- Ashburner M, Carson HL: A checklist of maps of polytene chromosomes of drosophilids. Dros. Inf. Serv. 1983, 59: 148-151.Google Scholar
- Kaneshiro KY, Gillespie R, Carson HL: Chromosomes and male genitalia of Hawaiian Drosophila : tools for interpreting phylogeny and geography. In: Hawaiian Biogeography: Evolution on a Hotspot Archipelago (Edited by, Wagner, W.L., Funk, V. A.) Washington, DC, Smithsonian Institution Press,. 1995, 52-72.Google Scholar
- Lemunier F, Ashburner M: Relationships in the melanogaster species subgroup of the genus Drosophila (Sophophora). II. Phylogenetic relationships of six species based upon polytene banding sequences. Proc. R. Soc. Lond. B. 1976, 193: 257-294.Google Scholar
- Sanderson M, Donoghue M: Patterns of variation in levels of homoplasy. Evolution. 1992, 43: 1781-1795.View ArticleGoogle Scholar
- Yoon JS, Richardson R: Evolution of the Hawaiian Drosophilidae II. Patterns and rates of chromosome evolution in the Antopocerus phylogeny. Genetics. 1976, 83: 827-843.PubMed CentralPubMedGoogle Scholar
- Swofford D: PAUP*: Phylogenetic Analysis Using Parsimony* (and other methods), 4.0b7 beta version. Sunderland, MA, Sinauer Associates,. 2001Google Scholar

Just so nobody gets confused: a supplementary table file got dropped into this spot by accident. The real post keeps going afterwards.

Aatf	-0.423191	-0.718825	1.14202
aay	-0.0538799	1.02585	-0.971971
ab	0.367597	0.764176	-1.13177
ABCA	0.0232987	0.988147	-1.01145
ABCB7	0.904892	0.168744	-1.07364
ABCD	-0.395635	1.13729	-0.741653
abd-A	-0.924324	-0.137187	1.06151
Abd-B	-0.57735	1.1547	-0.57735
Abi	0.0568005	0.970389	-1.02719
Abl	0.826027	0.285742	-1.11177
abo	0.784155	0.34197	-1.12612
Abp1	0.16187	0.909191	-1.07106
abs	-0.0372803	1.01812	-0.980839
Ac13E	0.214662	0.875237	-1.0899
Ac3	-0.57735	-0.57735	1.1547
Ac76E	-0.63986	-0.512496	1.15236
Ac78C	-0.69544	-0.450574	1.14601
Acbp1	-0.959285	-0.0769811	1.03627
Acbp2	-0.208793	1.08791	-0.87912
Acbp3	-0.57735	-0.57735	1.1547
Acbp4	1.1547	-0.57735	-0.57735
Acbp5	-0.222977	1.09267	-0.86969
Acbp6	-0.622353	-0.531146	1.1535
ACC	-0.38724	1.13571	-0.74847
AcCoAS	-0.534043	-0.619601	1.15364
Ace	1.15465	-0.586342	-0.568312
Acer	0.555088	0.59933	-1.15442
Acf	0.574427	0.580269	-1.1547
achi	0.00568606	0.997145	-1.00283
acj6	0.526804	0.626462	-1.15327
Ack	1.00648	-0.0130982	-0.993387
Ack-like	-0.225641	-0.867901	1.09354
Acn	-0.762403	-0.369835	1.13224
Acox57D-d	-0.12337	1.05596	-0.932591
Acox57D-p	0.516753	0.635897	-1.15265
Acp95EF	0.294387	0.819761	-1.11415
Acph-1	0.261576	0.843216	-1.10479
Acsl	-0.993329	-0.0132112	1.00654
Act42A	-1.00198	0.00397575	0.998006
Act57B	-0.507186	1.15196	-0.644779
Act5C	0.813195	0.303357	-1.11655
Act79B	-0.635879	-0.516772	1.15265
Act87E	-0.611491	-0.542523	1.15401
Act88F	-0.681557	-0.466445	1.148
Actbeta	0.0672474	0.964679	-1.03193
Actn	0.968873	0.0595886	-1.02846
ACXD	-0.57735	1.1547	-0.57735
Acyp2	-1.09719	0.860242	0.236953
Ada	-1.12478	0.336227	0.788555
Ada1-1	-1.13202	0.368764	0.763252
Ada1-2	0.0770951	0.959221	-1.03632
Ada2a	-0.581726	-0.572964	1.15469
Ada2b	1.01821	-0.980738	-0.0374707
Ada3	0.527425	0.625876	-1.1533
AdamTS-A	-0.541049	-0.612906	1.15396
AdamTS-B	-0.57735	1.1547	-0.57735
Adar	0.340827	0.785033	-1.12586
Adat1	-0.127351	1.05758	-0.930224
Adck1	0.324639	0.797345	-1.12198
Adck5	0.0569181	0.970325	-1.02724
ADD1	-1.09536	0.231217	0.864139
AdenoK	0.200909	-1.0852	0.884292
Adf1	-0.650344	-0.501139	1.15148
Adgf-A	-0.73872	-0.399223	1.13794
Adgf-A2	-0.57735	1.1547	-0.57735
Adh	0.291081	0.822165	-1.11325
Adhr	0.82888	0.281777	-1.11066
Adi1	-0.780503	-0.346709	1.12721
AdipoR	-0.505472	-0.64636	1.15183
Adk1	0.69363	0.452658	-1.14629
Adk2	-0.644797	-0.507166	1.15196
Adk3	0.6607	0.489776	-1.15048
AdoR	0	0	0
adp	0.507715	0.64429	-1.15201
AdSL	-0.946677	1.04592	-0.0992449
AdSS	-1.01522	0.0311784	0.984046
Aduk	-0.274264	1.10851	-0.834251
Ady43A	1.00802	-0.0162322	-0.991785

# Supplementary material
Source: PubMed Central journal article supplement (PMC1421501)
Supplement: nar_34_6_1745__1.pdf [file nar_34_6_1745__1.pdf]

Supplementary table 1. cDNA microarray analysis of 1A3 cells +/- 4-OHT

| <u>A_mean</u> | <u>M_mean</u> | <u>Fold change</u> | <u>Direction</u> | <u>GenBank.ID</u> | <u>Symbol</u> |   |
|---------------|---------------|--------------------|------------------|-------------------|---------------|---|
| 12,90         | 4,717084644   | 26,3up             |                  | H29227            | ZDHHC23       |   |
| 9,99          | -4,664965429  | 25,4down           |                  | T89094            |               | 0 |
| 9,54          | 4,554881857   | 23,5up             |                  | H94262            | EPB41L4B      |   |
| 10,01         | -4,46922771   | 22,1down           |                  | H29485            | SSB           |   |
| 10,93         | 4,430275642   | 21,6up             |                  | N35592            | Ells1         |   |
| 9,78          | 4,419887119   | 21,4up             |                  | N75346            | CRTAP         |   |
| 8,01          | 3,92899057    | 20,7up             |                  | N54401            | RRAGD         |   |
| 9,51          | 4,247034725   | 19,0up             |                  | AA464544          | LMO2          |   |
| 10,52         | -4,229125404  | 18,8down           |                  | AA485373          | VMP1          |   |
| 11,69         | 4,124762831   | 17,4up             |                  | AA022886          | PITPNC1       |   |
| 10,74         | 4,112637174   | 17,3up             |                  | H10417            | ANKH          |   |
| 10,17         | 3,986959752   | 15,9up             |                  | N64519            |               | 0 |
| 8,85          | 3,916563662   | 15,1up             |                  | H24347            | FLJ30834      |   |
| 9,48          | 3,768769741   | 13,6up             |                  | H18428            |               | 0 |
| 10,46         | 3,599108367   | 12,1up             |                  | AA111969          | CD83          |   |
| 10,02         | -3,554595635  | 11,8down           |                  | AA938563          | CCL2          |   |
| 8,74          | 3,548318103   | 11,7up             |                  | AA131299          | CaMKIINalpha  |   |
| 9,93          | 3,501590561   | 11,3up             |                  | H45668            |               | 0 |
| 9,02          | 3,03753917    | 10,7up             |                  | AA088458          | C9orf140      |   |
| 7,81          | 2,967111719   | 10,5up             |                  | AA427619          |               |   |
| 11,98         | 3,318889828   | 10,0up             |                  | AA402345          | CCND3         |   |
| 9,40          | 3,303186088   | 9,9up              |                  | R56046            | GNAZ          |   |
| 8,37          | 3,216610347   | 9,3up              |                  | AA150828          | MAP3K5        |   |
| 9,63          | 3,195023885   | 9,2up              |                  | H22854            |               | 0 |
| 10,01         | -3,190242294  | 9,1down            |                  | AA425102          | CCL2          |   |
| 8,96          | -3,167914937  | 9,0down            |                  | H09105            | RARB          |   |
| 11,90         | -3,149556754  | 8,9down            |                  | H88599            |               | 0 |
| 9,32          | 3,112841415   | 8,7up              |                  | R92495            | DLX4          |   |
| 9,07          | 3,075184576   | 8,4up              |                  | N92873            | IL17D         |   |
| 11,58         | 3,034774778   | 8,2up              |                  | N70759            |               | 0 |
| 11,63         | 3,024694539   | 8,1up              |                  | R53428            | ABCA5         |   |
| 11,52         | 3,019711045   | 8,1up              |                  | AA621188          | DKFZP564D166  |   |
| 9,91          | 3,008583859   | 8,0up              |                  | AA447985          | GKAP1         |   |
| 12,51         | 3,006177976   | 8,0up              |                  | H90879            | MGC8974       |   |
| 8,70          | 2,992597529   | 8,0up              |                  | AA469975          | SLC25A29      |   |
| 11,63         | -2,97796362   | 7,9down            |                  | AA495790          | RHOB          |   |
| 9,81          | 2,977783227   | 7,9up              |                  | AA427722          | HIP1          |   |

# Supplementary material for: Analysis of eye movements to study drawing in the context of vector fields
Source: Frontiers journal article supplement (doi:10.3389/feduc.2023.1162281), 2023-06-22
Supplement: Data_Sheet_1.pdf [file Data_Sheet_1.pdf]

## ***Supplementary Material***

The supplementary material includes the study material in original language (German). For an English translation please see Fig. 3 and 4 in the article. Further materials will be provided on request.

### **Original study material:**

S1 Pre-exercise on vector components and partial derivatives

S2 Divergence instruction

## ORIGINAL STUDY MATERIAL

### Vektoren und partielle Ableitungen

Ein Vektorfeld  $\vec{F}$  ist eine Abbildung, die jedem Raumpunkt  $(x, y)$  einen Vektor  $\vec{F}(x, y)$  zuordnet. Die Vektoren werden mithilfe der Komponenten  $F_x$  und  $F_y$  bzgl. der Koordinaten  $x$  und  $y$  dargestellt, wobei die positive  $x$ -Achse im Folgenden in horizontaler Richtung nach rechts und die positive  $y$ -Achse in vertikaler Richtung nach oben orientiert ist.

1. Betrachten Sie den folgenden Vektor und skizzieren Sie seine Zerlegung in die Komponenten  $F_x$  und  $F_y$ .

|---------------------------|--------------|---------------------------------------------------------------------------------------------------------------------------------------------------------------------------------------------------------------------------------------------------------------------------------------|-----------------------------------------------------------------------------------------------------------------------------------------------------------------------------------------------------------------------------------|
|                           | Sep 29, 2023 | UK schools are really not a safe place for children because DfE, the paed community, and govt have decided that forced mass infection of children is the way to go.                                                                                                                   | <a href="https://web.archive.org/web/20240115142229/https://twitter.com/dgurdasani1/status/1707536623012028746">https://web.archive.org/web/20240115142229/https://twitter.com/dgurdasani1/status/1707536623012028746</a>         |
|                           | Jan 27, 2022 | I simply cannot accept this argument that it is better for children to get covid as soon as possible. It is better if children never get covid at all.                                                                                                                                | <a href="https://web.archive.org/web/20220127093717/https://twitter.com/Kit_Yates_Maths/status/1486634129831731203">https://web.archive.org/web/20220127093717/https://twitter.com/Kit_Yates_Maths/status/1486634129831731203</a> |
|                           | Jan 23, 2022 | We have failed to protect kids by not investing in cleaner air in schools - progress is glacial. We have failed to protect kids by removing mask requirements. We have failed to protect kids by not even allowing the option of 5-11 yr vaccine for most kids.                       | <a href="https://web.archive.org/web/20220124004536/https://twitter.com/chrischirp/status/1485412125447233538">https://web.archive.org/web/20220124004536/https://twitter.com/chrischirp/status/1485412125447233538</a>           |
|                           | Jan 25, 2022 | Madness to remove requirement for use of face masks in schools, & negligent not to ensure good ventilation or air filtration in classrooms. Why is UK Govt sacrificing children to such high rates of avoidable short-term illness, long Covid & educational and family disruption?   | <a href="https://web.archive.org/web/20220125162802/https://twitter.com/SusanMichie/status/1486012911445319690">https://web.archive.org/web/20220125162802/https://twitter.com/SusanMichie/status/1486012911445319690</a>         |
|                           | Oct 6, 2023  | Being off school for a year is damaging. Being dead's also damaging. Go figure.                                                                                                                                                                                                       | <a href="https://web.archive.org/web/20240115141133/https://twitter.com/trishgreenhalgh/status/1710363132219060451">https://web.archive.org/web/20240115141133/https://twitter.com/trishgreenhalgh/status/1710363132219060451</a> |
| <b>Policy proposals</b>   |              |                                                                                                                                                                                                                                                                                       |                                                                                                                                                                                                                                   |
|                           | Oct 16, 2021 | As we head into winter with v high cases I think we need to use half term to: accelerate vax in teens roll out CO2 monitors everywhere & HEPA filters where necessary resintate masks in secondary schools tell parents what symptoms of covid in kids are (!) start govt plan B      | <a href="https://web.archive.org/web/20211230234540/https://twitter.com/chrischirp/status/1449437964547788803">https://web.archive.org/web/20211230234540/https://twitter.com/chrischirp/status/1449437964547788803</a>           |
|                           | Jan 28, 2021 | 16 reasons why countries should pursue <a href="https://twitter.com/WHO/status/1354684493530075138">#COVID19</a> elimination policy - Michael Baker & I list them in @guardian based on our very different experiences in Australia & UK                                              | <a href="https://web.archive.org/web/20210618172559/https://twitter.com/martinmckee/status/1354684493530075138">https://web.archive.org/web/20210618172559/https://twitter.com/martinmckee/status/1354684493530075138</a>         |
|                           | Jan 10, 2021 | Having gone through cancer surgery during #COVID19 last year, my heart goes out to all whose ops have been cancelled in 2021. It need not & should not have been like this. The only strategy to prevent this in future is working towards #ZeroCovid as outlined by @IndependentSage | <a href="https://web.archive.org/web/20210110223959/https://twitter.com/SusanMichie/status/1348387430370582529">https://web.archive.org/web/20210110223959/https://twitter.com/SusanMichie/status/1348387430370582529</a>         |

- Nixon K, Carpenter J: On simultaneous analysis. Cladistics. 1996, 12: 221-241. 10.1006/clad.1996.0016.View ArticleGoogle Scholar
- Kluge A: A concern for evidence and a phylogenetic hypothesis of relationships among Epicrates (Boidae, Serpentes). Syst. Zool. 1989, 38: 7-25.View ArticleGoogle Scholar
- Brower AVZ, DeSalle R, Vogler AP: Gene trees, species trees, and systematics: a cladistic perspective. Annu. Rev. Ecol. Syst. 1996, 27: 423-450. 10.1146/annurev.ecolsys.27.1.423.View ArticleGoogle Scholar
- Eriksson T: Auto-Decay. Software and documentation, version 2.9.5. Department of Botany, Stockholm University,. 1996Google Scholar
- Baker RH, Yu X, DeSalle R: Assessing the relative contribution of molecular and morphological characters in simultaneous analysis trees. Mol. Phyl. Evol. 1998, 9: 427-436. 10.1006/mpev.1998.0519.View ArticleGoogle Scholar
- Farris JS, Kallersjo M, Kluge AG, Bult C: Testing significance of congruence. Cladistics. 1994, 10: 315-320. 10.1006/clad.1994.1021.View ArticleGoogle Scholar
- Farris JS, Kallersjo M, Kluge AG, Bult C: Constructing a significance test for incongruence. Syst. Biol. 1995, 44: 570-572.View ArticleGoogle Scholar
- Kambysellis MP, Ho KF, Craddock EM, Piano F, Parisi M, Cohen J: Patterns of ecological shifts in the diversification of Hawaiian Drosophila inferred from a molecular phylogeny. Current Biology. 1995, 5: 1129-1139.View ArticlePubMedGoogle Scholar
- Coyne JA, Kreitman M: Evolutionary genetics of two sibling species, Drosophila simulans and D. sechellia. Evolution. 1986, 40: 673-691.View ArticleGoogle Scholar
- Cohn VH, Moore GP: Organization and evolution of the alcohol dehydrogenase gene in Drosophila. Mol. Biol. Evol. 1988, 5: 154-166.PubMedGoogle Scholar
- Ashburner M: Genbank accession number X54118. 1990Google Scholar